5 Life Lessons I’ve Learned as a River Guide

4 Min. Read

When I showed up to my first day of whitewater guide training, I already had a few dozen river days under my belt. I’d even spent a little time on the guide stick on a few mellow rapids on the Upper Colorado. I figured I probably had a leg up on most of the other rookies.

5 Life Lessons I've Learned as a River Guide

It didn’t take long for me to realize I’d gotten myself in over my head (literally). My rookie class spent a few hours on the first day at the local rec center pool, where I could barely haul myself out of the water onto the upside-down boat, let alone flip it back over with my paddle. It turned out there was more to this whitewater guiding business than I’d thought.

Learning to be a raft guide is hard, but actually being a raft guide is harder. It’s not just the obvious skills that make the difference between a mediocre guide and a great one. The jury’s still out on what kind of raft guide I am, but I do know one thing for sure: working on the river has taught me a lot about the kind of person I want to be.

1) Always Rig to Flip

When I’ve got a boat full of guests on board, it doesn’t matter whether the rapid around the corner is a mellow Class II or a gnarly Class IV with a rock that’s notorious for flipping boats—I’m ready for the worst-case scenario. In whitewater guiding, rigging to flip means securing everything to the boat, not to mention having a throw bag and flip line at the ready.

I like to keep my life rigged to flip, too. It’s why I change the oil in my car every few thousand miles, and why I keep some savings in the bank (admittedly, this isn’t a strength of most raft guides I know). Most of the time, I’m hoping for the best but planning for the worst, which is why I’m usually ready for anything.

2) Know When to Take Charge

The first few times I guided a boat with guests aboard, I found myself barking orders at every turn. Left side, forward one! Right side, back one! I wish I could track those folks down and apologize—my constant commands must have made for a stressful afternoon on Clear Creek! In reality, it wasn’t realistic to expect the boat to be in the exact right position every second. Soon, unless I was heading into a rapid, I started to relax and let people enjoy the ride. In guiding as in life, sometimes I needed to cede a little control and be confident enough in my own skills to know things would work out.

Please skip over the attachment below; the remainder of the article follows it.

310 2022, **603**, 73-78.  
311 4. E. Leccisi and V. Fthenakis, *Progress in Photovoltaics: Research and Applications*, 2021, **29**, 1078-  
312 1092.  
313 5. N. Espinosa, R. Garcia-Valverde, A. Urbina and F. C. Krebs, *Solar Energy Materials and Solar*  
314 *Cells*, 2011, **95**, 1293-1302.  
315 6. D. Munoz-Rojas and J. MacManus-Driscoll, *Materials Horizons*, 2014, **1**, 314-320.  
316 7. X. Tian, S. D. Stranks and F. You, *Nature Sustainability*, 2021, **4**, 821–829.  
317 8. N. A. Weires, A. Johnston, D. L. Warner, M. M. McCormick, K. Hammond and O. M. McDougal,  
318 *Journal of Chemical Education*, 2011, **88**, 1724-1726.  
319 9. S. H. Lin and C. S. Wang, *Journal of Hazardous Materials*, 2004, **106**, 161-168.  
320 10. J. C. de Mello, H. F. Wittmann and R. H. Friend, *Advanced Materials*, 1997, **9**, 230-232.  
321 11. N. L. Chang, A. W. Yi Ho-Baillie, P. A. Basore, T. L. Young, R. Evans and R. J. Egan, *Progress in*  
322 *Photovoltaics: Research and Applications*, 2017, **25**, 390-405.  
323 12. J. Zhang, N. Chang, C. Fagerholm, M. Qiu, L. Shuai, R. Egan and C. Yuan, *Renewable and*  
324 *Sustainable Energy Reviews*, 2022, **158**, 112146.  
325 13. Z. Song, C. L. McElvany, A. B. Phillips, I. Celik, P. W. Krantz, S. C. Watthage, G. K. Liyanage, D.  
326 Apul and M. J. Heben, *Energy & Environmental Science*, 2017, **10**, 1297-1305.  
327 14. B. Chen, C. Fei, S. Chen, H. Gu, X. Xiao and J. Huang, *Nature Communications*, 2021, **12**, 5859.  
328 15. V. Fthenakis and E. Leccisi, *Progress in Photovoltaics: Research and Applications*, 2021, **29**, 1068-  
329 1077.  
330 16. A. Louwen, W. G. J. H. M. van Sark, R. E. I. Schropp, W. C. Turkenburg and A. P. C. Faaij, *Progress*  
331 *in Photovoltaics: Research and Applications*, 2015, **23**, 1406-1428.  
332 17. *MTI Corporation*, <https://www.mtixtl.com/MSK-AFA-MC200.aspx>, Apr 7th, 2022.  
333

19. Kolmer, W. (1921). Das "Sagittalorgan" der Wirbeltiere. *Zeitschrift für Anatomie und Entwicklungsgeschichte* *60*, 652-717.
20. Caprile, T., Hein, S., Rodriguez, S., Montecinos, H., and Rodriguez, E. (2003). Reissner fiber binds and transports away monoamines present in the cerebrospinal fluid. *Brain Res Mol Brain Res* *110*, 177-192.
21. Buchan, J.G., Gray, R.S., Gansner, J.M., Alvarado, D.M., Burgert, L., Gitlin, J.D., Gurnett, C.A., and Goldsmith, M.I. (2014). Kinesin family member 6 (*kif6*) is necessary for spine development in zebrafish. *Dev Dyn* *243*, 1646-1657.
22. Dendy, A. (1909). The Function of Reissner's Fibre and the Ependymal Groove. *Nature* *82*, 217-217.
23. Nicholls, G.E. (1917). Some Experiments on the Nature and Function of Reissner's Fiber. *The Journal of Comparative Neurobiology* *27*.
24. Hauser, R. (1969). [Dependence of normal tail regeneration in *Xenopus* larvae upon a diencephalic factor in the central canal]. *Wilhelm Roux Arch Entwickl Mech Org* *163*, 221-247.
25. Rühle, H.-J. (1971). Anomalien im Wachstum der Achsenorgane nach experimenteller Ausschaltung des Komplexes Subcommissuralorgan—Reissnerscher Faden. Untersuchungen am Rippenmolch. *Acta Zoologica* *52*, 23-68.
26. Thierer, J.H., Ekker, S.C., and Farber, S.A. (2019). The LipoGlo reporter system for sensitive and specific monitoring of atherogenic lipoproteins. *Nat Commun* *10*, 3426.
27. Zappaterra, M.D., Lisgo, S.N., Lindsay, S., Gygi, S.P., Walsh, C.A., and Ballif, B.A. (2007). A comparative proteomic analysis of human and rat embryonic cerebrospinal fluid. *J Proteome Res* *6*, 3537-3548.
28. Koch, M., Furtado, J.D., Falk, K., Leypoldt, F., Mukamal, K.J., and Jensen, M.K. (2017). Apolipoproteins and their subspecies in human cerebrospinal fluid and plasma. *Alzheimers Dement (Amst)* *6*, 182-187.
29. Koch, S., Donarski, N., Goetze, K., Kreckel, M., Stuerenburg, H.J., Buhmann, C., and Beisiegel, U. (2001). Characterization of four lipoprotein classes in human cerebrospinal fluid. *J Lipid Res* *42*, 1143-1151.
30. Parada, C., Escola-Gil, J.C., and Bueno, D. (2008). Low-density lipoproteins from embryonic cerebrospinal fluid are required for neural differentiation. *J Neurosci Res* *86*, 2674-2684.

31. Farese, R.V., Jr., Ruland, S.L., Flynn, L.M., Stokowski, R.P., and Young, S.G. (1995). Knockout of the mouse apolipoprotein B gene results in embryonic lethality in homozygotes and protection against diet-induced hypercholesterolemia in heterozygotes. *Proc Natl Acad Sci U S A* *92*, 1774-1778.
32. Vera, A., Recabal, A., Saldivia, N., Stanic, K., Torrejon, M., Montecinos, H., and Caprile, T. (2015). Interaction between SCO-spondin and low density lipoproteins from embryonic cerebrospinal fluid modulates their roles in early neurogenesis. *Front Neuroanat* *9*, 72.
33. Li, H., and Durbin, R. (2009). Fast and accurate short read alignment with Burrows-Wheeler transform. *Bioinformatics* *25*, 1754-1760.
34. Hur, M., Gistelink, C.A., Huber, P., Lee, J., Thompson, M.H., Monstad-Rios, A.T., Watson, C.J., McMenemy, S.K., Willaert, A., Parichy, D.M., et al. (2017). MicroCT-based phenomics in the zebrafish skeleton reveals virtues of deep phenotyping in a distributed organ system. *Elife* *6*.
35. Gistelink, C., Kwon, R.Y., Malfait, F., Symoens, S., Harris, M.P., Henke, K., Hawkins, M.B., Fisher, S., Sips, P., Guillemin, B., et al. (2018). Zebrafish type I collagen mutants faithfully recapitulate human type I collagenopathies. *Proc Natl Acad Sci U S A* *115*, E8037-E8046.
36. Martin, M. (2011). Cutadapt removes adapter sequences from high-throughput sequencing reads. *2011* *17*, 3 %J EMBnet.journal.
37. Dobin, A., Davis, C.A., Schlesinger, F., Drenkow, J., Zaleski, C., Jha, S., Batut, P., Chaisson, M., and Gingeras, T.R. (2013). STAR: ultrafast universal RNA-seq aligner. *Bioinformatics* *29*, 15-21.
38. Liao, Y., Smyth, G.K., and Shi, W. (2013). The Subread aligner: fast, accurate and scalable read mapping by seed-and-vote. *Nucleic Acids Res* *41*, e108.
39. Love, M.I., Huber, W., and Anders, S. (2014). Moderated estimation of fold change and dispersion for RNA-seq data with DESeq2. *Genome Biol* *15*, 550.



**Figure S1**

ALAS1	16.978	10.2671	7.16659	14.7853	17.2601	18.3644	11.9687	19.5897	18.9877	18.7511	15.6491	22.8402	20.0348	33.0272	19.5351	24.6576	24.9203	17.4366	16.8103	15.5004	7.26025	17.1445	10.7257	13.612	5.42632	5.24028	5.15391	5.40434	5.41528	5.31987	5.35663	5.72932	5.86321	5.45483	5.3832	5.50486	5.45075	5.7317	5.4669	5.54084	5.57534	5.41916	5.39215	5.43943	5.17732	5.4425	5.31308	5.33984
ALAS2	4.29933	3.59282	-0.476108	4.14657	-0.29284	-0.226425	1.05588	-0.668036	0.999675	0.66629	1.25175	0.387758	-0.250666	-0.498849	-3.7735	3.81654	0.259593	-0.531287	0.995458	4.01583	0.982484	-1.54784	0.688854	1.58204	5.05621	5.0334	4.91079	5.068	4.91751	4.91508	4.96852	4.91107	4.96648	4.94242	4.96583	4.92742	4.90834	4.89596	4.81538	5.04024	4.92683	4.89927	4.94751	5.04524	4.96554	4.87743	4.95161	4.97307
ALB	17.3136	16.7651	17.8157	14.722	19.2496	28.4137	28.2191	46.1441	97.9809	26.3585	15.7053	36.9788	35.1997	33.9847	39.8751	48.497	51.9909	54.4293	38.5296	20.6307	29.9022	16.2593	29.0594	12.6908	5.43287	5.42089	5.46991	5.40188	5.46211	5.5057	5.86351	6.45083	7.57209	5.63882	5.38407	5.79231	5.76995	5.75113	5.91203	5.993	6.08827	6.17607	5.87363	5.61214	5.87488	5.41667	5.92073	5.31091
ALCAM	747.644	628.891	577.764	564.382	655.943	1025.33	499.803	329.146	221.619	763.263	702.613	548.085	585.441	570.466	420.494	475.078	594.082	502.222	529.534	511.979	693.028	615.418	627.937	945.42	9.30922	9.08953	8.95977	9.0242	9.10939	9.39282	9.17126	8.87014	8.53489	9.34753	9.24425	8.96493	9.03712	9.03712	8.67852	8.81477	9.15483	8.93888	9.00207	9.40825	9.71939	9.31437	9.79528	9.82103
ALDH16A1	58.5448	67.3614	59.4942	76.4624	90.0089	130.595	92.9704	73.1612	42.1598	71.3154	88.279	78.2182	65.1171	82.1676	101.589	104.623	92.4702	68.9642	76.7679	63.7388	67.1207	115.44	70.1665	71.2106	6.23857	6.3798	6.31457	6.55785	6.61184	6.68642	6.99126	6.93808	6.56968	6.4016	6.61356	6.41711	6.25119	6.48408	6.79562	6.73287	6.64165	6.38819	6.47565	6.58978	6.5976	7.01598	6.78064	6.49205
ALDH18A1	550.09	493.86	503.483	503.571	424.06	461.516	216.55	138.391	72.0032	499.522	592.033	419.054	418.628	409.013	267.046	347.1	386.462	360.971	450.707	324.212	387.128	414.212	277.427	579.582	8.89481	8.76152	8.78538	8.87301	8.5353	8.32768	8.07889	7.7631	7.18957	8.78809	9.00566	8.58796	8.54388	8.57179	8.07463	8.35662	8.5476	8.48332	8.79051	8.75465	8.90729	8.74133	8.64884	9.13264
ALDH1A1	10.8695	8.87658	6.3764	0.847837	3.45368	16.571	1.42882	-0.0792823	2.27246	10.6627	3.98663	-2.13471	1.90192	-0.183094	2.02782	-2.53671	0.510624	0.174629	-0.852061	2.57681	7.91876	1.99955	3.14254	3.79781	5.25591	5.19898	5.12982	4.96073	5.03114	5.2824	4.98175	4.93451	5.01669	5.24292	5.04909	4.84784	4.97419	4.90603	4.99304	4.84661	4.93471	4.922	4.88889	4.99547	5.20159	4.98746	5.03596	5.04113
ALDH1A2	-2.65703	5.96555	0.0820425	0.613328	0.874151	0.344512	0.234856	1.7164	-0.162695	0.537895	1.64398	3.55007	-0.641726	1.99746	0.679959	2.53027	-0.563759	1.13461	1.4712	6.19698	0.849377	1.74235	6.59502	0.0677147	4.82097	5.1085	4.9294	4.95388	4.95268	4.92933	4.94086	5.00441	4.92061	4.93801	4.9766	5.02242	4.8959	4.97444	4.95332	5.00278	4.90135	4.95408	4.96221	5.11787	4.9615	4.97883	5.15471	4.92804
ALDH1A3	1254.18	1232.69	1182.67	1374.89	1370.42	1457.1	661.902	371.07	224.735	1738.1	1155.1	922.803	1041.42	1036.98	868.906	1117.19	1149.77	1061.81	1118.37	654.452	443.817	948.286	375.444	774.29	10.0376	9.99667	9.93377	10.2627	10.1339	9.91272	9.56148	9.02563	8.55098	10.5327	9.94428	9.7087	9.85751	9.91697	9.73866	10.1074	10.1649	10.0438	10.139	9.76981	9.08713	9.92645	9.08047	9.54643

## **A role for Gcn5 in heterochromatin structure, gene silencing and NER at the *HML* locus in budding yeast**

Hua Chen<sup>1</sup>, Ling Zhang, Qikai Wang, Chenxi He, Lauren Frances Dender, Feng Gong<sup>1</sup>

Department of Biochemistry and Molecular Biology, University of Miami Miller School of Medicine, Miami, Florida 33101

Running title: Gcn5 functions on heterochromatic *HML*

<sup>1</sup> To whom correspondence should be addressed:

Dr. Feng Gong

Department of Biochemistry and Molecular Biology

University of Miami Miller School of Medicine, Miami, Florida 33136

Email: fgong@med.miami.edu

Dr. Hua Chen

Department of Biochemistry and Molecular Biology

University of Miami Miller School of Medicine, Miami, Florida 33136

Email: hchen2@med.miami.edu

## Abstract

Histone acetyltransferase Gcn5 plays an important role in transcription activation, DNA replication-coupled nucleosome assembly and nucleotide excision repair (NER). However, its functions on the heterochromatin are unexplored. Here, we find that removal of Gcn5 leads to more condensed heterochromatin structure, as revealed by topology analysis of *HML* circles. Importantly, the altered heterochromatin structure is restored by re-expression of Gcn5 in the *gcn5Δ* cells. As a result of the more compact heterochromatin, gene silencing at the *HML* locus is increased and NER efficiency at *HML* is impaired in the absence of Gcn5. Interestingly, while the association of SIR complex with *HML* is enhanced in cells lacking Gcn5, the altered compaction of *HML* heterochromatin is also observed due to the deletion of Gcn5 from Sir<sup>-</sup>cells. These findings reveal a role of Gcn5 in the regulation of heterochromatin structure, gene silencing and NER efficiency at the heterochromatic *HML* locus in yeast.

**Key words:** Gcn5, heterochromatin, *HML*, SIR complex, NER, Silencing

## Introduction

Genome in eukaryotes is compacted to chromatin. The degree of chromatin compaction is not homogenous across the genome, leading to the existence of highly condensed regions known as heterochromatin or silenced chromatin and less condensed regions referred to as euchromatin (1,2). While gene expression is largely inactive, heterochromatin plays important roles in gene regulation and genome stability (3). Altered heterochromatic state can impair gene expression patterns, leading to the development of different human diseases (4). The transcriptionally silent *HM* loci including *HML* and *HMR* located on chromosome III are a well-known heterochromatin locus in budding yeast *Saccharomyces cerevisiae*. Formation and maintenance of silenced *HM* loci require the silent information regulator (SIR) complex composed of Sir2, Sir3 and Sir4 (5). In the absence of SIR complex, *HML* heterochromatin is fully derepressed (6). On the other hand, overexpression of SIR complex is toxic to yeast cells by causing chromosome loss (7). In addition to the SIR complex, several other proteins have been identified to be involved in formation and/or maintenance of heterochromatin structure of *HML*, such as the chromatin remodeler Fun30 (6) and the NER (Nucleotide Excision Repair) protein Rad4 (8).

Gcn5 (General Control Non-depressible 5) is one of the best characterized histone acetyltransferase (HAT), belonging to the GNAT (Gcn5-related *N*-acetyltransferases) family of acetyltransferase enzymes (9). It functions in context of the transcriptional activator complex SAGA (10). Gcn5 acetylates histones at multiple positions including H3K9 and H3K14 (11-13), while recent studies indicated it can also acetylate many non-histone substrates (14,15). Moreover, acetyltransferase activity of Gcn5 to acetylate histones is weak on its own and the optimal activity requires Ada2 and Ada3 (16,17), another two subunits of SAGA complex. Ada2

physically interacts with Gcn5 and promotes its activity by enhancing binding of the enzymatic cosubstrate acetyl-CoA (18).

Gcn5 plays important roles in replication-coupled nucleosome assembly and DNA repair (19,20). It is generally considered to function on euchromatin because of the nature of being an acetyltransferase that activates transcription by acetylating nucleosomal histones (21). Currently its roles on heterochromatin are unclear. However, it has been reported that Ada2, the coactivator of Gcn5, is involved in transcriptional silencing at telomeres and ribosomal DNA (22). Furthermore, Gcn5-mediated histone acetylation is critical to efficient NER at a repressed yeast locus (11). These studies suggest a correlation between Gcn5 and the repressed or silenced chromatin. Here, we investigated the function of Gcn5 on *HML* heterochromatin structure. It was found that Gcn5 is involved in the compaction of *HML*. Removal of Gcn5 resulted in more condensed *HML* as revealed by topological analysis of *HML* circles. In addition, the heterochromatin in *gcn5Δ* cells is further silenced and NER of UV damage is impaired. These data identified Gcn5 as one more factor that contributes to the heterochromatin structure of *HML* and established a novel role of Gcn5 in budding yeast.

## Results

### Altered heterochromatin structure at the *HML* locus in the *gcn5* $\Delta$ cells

5 Life Lessons I've Learned as a River Guide

3) Ask a Lot of Questions

I asked a lot of questions during my whitewater guide training. I learned plenty about piloting a boat down the river, but I also learned a lot about my fellow rookies and the senior guides. So after training was over, I kept asking questions: Where are you from? How do you all know each other? What kind of work do you do? Have you been rafting before? People’s answers were often interesting or surprising, and hearing their stories became one of my favorite parts of the job. I’ve tried to carry that over into other areas of my life, and the questions I’ve asked have led to new jobs, satisfying friendships, and a lot of great stories.

4) Rapids End Eventually

During my rookie season, there was one particular rapid I absolutely dreaded. Double Knife is a Class III or IV rapid, depending on the water, and it’s known for flipping boats and knocking guides out of the raft. (It’s also just a hundred yards upstream from another set of burly rapids, so the consequences are real.) No matter how many times I ran it, I got a pit in my stomach when I knew it was around the next bend.

But once I entered Double Knife, I knew what to do—and in a matter of seconds, it was over. Like doing your taxes or deciding what to do after high school graduation, it’s daunting, but once you’ve finished, it’s pretty rewarding, too. Now, when I’m stuck in a rut, I remind myself: This, too, shall pass.

5) It’s All About Balance

Being a raft guide is about so much more than running rapids well and keeping everyone in the boat (or, failing that, being ready to pull everyone back in quickly). It’s a balance between talking and listening, between knowledge of the river and interacting with people, between making people feel safe and ensuring they have the adventure of a lifetime. It applies elsewhere, too—work hard, play hard, right? We’re so much more productive when we take time to take care of ourselves, which, in my case, often means a few days on the river.

Portrait of Emma Walker and her dog on the river

Emma Walker

Emma Walker is the author of the book "Dead Reckoning: Learning from Accidents in the Outdoors." She earned her M.S. in Outdoor and Environmental Education from Alaska Pacific University and has worked as a raft guide, avalanche educator, and backpacking instructor around the American West.

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